Open Access: Who, what, and why?

The Max Planck Group (MPG) are focusing on making as much MPG work as possible Open Access, and now each Max Planck Institute has Open Access ambassadors to promote and enable Open Access policies within each MPI. Amie Fairs, Gwilym Lockwood and myself are the ambassadors for our MPI, and as a general introduction to why we are so passionate about this, we wrote the following post. This is the original English version, the translated Dutch one can be found here.

Science costs a lot of money, and most academic research comes from people’s taxes – in fact, 80% of research is publicly funded. It only seems fair that the public, who invest all this money in research, should be able to read the results. However, academic journals charge high prices for people to be able to read academic articles. This is generally around €30 per article, and sometimes that’s only to be able to access it for 24 hours. This is often ridiculous – Nature charges €15 just to access the review of Greg Hickok’s book “The Myth of Mirror Neurons”, while, at the time of writing this blog, you can buy the book new on for the same price. It is unfair to have publicly-funded research hidden behind paywalls where the public cannot access it.

Another reason why it is critical that the public has access to up-to-date research is because there’s a lot of pseudoscience out there that is completely free to access, meaning that people looking for information are more likely to find and read this than actual, peer-reviewed science. At the MPI for Psycholinguistics, much of our work is theoretical and not necessarily of interest to people… but other MPIs research diseases and things that people want to find out about properly. For example, a parent who has a child with autism might want to read about the condition and find out as much as possible about the causes and treatments. There are two choices for accessing that information: the parent could pay something like €30 for 24 hours access to one article resulting from publicly funded research, or the parent can browse the internet and find all the bullshit articles about how vaccines cause autism, which they don’t. It is immoral to withhold peer-reviewed research from the public when misinformation is more easily accessible.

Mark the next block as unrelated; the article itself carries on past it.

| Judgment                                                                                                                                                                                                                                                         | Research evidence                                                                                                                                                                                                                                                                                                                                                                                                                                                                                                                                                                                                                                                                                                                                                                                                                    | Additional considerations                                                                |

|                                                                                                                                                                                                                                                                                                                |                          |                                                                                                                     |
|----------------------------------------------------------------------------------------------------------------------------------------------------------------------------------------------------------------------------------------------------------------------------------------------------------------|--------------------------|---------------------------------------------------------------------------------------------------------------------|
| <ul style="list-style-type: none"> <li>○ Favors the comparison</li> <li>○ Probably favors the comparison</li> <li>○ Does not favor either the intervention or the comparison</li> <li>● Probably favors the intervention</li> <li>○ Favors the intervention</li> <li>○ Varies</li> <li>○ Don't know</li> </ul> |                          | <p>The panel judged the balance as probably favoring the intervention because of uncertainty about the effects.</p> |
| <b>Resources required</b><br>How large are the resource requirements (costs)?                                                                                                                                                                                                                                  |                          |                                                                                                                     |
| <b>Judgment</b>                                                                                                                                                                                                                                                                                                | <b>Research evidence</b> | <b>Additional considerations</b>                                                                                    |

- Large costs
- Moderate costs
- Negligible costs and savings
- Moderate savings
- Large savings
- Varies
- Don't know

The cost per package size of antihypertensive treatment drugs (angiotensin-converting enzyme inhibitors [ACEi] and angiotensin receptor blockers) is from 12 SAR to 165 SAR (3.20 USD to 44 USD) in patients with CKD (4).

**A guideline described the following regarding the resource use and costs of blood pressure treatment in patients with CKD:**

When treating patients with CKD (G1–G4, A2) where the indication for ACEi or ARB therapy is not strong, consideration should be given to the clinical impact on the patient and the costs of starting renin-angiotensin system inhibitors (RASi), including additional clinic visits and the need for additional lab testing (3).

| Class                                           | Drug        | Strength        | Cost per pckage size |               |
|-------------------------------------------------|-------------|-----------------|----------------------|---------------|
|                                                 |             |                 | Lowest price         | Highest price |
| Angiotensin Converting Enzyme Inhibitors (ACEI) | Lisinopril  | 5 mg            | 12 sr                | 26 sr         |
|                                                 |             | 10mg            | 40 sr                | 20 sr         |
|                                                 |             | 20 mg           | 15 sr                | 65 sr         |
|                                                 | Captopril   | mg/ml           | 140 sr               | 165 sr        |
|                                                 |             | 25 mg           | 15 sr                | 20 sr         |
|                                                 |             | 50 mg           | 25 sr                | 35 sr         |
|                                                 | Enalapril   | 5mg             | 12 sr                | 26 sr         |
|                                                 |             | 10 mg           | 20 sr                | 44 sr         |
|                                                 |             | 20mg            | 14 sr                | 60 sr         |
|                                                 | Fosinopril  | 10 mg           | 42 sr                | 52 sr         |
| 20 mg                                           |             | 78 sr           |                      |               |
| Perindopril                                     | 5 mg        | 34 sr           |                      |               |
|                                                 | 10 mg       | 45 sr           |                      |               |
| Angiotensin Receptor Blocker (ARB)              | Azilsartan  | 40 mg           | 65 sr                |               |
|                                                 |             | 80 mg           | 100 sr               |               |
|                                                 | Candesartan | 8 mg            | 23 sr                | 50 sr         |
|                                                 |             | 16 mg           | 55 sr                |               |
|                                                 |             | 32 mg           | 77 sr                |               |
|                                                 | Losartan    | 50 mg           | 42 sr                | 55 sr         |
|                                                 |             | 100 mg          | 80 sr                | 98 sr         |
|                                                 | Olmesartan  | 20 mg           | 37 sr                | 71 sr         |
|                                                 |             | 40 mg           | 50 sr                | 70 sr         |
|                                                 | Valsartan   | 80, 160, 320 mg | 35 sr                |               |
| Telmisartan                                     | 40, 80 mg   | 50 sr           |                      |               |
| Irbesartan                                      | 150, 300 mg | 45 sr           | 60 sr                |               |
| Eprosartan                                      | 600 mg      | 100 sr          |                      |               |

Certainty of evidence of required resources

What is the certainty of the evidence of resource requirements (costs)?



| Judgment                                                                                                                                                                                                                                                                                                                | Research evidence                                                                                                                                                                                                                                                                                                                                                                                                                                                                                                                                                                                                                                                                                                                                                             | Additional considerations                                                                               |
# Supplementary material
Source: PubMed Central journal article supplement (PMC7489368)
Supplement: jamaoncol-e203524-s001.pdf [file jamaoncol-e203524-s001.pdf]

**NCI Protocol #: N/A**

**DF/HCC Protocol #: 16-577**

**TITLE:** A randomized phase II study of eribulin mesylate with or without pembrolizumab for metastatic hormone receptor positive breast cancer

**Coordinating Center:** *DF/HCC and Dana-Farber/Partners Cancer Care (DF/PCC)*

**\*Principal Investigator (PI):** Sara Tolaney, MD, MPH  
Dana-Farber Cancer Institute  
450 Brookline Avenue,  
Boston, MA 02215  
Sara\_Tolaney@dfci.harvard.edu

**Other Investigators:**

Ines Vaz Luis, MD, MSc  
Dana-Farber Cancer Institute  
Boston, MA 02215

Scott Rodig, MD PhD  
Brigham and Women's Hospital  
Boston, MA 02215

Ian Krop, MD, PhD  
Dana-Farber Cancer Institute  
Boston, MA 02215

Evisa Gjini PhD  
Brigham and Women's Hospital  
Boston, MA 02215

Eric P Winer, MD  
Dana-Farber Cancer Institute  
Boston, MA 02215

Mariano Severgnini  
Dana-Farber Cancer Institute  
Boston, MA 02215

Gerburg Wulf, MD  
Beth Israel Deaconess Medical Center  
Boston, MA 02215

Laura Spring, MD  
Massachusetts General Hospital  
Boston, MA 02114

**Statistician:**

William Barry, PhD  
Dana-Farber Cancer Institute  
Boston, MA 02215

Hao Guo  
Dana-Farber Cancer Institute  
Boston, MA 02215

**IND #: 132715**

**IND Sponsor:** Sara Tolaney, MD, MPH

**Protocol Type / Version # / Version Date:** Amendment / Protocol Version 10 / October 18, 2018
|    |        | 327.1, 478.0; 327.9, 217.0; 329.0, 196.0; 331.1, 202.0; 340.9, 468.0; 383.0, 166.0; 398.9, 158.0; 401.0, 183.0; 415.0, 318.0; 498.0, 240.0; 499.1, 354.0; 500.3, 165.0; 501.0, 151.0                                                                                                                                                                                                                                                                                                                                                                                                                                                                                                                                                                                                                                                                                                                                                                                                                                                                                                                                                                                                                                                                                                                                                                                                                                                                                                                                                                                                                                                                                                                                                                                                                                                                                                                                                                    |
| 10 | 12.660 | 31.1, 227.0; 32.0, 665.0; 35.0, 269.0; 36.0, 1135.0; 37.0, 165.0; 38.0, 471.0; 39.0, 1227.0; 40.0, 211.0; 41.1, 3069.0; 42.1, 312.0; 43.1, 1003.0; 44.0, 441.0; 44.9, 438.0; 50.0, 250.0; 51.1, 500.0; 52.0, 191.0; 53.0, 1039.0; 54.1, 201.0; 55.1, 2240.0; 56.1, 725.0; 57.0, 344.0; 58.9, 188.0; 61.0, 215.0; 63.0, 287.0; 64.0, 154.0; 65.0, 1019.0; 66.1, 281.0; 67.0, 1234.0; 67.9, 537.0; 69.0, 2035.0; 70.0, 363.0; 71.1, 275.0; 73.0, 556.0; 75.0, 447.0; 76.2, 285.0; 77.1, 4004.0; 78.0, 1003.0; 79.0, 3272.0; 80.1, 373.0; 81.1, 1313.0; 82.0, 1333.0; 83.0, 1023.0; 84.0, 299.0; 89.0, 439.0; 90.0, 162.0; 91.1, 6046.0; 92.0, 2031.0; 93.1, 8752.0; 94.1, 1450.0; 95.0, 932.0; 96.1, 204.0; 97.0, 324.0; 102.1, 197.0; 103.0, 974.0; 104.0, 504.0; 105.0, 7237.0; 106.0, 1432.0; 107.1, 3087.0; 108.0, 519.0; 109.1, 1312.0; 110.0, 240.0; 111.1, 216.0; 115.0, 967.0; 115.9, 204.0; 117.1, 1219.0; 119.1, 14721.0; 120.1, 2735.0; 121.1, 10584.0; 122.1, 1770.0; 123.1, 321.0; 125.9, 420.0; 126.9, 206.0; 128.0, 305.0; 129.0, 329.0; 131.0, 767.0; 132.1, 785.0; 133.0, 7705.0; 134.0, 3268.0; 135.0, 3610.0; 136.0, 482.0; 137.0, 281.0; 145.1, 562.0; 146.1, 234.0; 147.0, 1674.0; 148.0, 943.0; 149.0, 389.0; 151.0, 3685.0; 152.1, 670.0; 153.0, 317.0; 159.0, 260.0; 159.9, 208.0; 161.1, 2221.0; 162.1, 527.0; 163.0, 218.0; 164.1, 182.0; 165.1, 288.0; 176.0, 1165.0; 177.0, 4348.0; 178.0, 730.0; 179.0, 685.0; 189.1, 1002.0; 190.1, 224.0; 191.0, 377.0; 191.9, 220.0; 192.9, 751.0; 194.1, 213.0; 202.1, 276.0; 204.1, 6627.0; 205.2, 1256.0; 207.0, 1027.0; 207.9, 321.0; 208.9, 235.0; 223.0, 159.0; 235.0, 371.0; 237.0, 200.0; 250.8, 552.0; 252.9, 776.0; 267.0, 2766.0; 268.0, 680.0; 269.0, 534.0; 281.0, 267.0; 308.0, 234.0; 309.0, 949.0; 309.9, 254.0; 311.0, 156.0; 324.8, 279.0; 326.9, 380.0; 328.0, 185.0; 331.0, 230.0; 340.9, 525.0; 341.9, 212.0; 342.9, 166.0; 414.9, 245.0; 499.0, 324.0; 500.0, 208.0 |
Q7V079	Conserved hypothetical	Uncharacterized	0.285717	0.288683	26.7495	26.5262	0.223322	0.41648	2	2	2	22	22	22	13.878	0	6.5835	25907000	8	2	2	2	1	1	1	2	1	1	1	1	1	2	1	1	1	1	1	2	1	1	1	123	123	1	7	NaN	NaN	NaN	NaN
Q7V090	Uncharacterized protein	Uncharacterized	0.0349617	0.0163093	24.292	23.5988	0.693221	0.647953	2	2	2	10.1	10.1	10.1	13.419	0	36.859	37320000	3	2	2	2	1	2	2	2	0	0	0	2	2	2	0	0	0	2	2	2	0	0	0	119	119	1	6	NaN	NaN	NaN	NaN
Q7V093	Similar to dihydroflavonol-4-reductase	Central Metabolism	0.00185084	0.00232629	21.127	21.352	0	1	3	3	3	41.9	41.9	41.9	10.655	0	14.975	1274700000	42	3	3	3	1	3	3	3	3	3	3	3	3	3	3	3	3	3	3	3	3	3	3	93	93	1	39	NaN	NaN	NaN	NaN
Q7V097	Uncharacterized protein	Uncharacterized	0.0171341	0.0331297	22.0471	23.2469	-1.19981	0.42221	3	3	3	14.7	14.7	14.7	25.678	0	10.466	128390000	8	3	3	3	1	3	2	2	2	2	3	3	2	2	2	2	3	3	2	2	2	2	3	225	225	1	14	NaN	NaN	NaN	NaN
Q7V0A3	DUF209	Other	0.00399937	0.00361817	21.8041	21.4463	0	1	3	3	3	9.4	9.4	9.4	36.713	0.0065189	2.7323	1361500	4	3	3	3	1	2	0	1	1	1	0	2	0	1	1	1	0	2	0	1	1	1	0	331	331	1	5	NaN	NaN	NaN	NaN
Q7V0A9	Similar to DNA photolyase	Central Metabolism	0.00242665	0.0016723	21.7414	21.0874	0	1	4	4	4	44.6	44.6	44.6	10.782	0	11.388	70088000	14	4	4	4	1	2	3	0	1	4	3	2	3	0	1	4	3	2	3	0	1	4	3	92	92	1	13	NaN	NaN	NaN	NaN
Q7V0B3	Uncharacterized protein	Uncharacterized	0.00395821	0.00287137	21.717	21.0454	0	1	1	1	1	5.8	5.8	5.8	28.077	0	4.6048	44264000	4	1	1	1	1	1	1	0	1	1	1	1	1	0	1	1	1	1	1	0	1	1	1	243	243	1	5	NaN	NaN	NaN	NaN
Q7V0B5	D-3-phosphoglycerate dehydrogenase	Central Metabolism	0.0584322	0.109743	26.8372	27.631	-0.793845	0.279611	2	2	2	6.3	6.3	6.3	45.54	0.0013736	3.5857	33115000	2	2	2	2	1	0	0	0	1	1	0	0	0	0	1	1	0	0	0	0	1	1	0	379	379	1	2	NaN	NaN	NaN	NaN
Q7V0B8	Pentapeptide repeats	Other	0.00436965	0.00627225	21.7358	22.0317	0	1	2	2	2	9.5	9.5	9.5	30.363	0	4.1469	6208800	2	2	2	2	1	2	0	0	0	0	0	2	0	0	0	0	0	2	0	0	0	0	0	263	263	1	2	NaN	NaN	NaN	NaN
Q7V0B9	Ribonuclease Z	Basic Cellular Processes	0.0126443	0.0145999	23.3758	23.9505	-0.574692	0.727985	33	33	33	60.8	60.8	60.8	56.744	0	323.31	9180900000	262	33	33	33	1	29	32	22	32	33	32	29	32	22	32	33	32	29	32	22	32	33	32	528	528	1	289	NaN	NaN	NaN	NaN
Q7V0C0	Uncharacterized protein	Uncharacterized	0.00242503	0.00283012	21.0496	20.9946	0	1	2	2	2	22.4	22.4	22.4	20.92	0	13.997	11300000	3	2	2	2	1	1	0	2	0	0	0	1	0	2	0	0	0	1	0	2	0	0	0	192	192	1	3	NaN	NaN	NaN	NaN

For scientists, the journal system is an even bigger problem. We do the research. We write the research and send it to a journal editor to be reviewed. The journal editor is normally another scientist who does their editor role for free. The editor sends the research to other scientists to review, again for free. Then, when the paper has been reviewed and accepted, we have to pay a publication cost (generally between €1000 – €2000) to the journals to publish the paper which has been checked and edited and reviewed by other scientists for free… and the journals then sell our work back to our libraries! Of course, publishing houses do need to spend some money to publish papers, not everyone works for free. However, the major publishing houses have greater profit margins than Apple and Disney, some even more than Google! So it’s fair to say that they can afford to charge a lot less.

 At the MPG, we spend €10,000,000 a year on journal subscriptions, but many universities cannot afford this, which is hugely unfair because it means that scientists around the world cannot get access to information which they need for their own research. Even Harvard, one of the world’s richest universities, can’t afford to keep paying for all their journal subscriptions. This has a knock on effect on things like tuition fees, which are increasing to the point where many people cannot afford to go to university, especially in the USA and the UK. Not to mention if universities don’t need to pay subscription costs, imagine what they could do with an extra €10,000,000 a year. This is roughly half of what the Ice-Bucket Challenge collected for ALS research.

Open Access will hopefully change this. The idea of Open Access is to make scientific research open and accessible for everybody, regardless of finances. The main advantage for the public is that they can read peer-reviewed scientific research for free, and there are already a few online journals such as Frontiers and the Public Library of Science (PLoS) where all articles are Open Access. Several MPI researchers publish their work here! However, for scientists, Open Access goes further than that. Open Access scientists make their data and computer code available for other scientists, which allows us to check each other’s work and replicate (or not) each other’s experiments. Luckily, the Netherlands is quite advanced in making science Open Access. The Dutch government and universities are united in negotiations against Elsevier, a large publishing company which owns thousands of journals. They are demanding that all work by researchers at Dutch institutions be made available to people in the Netherlands free of charge by 2024. This has already been successful with another publishing company, Springer.

Hopefully, in less than ten years’ time, you will be able to read all peer-reviewed scientific research, and Dutch universities will be saving millions of euros per year in journal fees. Think of all the extra research that could be done with that money!

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